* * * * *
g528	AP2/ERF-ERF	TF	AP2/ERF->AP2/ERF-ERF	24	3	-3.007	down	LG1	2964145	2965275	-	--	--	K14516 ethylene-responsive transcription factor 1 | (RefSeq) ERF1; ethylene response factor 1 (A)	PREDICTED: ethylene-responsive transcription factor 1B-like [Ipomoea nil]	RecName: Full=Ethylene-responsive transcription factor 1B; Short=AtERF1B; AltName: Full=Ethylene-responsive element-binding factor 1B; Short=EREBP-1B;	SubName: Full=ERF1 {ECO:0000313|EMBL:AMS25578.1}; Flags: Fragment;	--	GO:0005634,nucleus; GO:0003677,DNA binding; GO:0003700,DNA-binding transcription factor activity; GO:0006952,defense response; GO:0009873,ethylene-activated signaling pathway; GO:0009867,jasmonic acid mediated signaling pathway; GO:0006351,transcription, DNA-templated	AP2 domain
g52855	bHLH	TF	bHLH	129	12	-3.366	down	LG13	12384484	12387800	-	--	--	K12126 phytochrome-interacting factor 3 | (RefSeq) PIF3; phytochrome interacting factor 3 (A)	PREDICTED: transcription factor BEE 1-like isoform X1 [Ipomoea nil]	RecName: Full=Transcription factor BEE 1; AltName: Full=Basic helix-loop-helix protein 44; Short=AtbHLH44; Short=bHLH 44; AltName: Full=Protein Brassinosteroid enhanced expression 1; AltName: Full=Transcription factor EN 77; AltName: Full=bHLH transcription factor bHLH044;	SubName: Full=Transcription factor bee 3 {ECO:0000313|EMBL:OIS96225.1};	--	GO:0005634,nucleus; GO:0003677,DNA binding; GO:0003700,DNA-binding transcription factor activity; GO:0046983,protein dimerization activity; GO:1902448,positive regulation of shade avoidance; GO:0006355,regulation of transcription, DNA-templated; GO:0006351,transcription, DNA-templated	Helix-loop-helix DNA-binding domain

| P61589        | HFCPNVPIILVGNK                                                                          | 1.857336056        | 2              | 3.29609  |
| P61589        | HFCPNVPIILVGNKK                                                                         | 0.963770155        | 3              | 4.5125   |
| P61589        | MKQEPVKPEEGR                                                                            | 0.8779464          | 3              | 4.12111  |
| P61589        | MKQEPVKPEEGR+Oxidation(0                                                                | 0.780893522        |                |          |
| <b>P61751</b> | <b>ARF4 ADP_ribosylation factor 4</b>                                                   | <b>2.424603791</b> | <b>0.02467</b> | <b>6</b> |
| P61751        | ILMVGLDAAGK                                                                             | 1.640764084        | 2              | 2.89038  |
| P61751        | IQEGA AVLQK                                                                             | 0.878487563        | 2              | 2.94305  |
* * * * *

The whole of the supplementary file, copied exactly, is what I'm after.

g528	AP2/ERF-ERF	TF	AP2/ERF->AP2/ERF-ERF	24	3	-3.007	down	LG1	2964145	2965275	-	--	--	K14516 ethylene-responsive transcription factor 1 | (RefSeq) ERF1; ethylene response factor 1 (A)	PREDICTED: ethylene-responsive transcription factor 1B-like [Ipomoea nil]	RecName: Full=Ethylene-responsive transcription factor 1B; Short=AtERF1B; AltName: Full=Ethylene-responsive element-binding factor 1B; Short=EREBP-1B;	SubName: Full=ERF1 {ECO:0000313|EMBL:AMS25578.1}; Flags: Fragment;	--	GO:0005634,nucleus; GO:0003677,DNA binding; GO:0003700,DNA-binding transcription factor activity; GO:0006952,defense response; GO:0009873,ethylene-activated signaling pathway; GO:0009867,jasmonic acid mediated signaling pathway; GO:0006351,transcription, DNA-templated	AP2 domain
g52855	bHLH	TF	bHLH	129	12	-3.366	down	LG13	12384484	12387800	-	--	--	K12126 phytochrome-interacting factor 3 | (RefSeq) PIF3; phytochrome interacting factor 3 (A)	PREDICTED: transcription factor BEE 1-like isoform X1 [Ipomoea nil]	RecName: Full=Transcription factor BEE 1; AltName: Full=Basic helix-loop-helix protein 44; Short=AtbHLH44; Short=bHLH 44; AltName: Full=Protein Brassinosteroid enhanced expression 1; AltName: Full=Transcription factor EN 77; AltName: Full=bHLH transcription factor bHLH044;	SubName: Full=Transcription factor bee 3 {ECO:0000313|EMBL:OIS96225.1};	--	GO:0005634,nucleus; GO:0003677,DNA binding; GO:0003700,DNA-binding transcription factor activity; GO:0046983,protein dimerization activity; GO:1902448,positive regulation of shade avoidance; GO:0006355,regulation of transcription, DNA-templated; GO:0006351,transcription, DNA-templated	Helix-loop-helix DNA-binding domain

| P61589        | HFCPNVPIILVGNK                                                                          | 1.857336056        | 2              | 3.29609  |
| P61589        | HFCPNVPIILVGNKK                                                                         | 0.963770155        | 3              | 4.5125   |
| P61589        | MKQEPVKPEEGR                                                                            | 0.8779464          | 3              | 4.12111  |
| P61589        | MKQEPVKPEEGR+Oxidation(0                                                                | 0.780893522        |                |          |
| <b>P61751</b> | <b>ARF4 ADP_ribosylation factor 4</b>                                                   | <b>2.424603791</b> | <b>0.02467</b> | <b>6</b> |
| P61751        | ILMVGLDAAGK                                                                             | 1.640764084        | 2              | 2.89038  |
| P61751        | IQEGA AVLQK                                                                             | 0.878487563        | 2              | 2.94305  |